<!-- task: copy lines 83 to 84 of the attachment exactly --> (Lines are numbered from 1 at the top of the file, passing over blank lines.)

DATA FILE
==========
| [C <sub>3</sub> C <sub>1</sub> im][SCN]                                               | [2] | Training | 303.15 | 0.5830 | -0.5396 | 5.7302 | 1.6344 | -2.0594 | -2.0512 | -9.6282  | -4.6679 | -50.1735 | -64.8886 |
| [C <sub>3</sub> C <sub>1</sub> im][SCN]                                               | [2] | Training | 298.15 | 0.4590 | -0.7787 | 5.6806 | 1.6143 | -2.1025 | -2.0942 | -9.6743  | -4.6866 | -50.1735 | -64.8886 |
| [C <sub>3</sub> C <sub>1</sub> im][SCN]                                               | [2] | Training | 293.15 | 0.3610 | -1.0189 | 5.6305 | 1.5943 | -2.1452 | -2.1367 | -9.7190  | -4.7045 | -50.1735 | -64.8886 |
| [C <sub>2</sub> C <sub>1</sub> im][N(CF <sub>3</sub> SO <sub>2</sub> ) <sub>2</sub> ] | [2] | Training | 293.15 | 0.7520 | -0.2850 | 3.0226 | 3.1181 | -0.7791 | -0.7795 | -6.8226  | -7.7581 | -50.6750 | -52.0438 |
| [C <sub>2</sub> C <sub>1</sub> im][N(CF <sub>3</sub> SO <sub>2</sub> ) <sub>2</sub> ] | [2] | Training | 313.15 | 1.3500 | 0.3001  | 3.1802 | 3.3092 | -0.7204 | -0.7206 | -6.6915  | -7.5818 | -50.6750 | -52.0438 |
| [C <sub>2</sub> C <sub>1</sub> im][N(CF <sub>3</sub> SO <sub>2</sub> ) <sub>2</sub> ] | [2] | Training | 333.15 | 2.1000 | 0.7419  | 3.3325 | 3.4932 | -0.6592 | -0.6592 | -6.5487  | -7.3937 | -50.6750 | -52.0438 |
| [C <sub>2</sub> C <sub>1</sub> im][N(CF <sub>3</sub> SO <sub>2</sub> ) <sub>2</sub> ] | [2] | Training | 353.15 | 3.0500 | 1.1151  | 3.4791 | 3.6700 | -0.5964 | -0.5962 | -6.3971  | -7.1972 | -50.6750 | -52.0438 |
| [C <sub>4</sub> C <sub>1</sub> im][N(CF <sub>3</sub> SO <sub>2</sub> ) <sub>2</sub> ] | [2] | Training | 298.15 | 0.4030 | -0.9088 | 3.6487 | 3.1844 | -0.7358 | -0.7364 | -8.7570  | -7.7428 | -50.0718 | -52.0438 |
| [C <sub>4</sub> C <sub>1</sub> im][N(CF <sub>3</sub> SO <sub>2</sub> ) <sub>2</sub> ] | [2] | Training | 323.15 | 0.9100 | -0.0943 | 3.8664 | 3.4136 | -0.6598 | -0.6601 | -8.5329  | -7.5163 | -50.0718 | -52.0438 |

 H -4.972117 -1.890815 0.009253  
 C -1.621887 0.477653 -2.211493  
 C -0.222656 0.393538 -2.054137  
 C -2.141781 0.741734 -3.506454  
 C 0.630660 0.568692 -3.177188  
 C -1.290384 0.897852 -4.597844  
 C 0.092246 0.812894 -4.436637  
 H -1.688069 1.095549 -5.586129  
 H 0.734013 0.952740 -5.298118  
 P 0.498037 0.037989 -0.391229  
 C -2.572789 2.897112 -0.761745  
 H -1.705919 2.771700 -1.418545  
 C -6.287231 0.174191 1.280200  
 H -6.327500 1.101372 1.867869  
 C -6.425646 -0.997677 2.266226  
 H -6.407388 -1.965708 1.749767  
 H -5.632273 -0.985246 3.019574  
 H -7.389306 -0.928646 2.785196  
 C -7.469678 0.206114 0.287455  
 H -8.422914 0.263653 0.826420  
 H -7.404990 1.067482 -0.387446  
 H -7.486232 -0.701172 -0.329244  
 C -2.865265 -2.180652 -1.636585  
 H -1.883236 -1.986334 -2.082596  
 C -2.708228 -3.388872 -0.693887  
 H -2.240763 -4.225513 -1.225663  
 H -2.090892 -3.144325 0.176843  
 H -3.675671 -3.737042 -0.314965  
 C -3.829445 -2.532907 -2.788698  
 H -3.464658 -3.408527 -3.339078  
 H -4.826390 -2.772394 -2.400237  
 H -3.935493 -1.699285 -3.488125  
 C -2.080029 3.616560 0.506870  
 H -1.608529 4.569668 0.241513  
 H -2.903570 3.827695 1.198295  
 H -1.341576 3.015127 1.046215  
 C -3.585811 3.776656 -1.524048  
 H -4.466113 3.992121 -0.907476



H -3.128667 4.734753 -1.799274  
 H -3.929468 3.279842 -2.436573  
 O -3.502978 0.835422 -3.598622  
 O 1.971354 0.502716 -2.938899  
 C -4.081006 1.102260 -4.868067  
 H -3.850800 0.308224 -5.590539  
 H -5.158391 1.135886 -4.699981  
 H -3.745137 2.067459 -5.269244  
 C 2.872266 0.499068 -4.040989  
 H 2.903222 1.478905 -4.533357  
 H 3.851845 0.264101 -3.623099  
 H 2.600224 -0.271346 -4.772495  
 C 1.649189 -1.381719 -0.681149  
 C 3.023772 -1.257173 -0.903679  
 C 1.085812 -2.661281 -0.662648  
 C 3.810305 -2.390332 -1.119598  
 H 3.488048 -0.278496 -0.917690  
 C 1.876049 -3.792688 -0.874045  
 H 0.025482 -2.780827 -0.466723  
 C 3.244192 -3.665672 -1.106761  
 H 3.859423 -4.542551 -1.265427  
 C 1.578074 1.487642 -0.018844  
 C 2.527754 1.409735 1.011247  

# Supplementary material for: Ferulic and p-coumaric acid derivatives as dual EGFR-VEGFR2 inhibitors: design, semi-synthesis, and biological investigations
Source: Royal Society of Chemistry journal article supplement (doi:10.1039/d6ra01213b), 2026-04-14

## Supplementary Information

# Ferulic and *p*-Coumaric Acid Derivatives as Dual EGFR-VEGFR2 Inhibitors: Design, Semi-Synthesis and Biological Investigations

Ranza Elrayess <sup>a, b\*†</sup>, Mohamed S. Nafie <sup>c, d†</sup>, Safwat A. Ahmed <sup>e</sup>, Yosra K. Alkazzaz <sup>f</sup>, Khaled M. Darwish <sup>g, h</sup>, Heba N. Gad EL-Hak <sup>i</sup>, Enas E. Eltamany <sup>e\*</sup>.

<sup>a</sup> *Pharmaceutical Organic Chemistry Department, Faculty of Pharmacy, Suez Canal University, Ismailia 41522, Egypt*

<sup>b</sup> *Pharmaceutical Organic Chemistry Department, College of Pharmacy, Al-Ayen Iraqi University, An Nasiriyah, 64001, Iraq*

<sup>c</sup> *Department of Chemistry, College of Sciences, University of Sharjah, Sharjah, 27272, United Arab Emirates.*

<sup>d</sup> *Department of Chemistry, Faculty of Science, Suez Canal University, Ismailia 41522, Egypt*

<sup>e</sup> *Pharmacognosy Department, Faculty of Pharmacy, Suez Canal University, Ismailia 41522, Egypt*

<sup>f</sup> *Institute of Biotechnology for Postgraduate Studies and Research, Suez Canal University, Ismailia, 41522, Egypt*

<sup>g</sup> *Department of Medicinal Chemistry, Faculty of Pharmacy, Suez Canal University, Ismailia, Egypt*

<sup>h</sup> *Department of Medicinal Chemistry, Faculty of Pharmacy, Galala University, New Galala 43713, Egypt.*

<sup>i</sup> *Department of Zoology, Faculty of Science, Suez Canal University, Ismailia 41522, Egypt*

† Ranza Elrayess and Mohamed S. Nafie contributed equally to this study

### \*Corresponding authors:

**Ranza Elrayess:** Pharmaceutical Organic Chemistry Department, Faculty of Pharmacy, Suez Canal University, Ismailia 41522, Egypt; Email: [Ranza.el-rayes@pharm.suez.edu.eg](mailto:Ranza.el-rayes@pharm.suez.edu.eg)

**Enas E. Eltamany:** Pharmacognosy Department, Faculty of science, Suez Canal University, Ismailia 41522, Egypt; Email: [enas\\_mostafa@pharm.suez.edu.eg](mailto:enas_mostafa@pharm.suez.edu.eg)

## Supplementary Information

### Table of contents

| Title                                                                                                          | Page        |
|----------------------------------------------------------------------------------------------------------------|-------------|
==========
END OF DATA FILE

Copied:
<sup>h</sup> *Department of Medicinal Chemistry, Faculty of Pharmacy, Galala University, New Galala 43713, Egypt.*

<sup>i</sup> *Department of Zoology, Faculty of Science, Suez Canal University, Ismailia 41522, Egypt*